Thursday, October 21, 2010

Seven Ways of Looking at Grammar

This talk gives teachers a great opportunity to think about how we, EFL teachers, really teach grammar.

Is our view of grammar the one that students can really internalise and apply?
What do students really need to know about grammar in order to communicate?
These were just a couple of questions that occured to me as I started to watch.

Insightful and interesting talk.

So without adding my own thoughts any further, I just copied out the the description of the talk on youtube:

"What is grammar, and how is it internalized in the mind? Is it made up of symbolic code or of neural connections? Is it a sedimented trace left by previous conversations or an innate human capacity? Our answers to these questions obviously shape the way we go about teaching second languages.

In this talk, Scott Thornbury reviews some of the main models of grammar—often couched as metaphors—and looks at their implications for classroom practice. Thornbury is a faculty member in The New School MA in TESOL (Teaching English to Speakers of Other Languages) program and an author whose work has been published by Oxford University Press."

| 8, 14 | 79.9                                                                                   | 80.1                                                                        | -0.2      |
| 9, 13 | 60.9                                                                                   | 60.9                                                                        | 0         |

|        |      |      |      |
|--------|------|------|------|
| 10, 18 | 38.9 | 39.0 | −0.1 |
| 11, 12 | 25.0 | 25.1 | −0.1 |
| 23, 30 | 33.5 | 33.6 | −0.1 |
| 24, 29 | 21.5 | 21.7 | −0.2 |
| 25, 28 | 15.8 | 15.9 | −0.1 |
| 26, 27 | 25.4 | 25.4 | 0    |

Enjoy and let me know what questions you came up with for yourself.

1 comment:

  1. I am lucky, that I have just finished my MA course and we had a deeper insight into this topic, these questions, and it was really useful to watch this video to get a better overview of these things.


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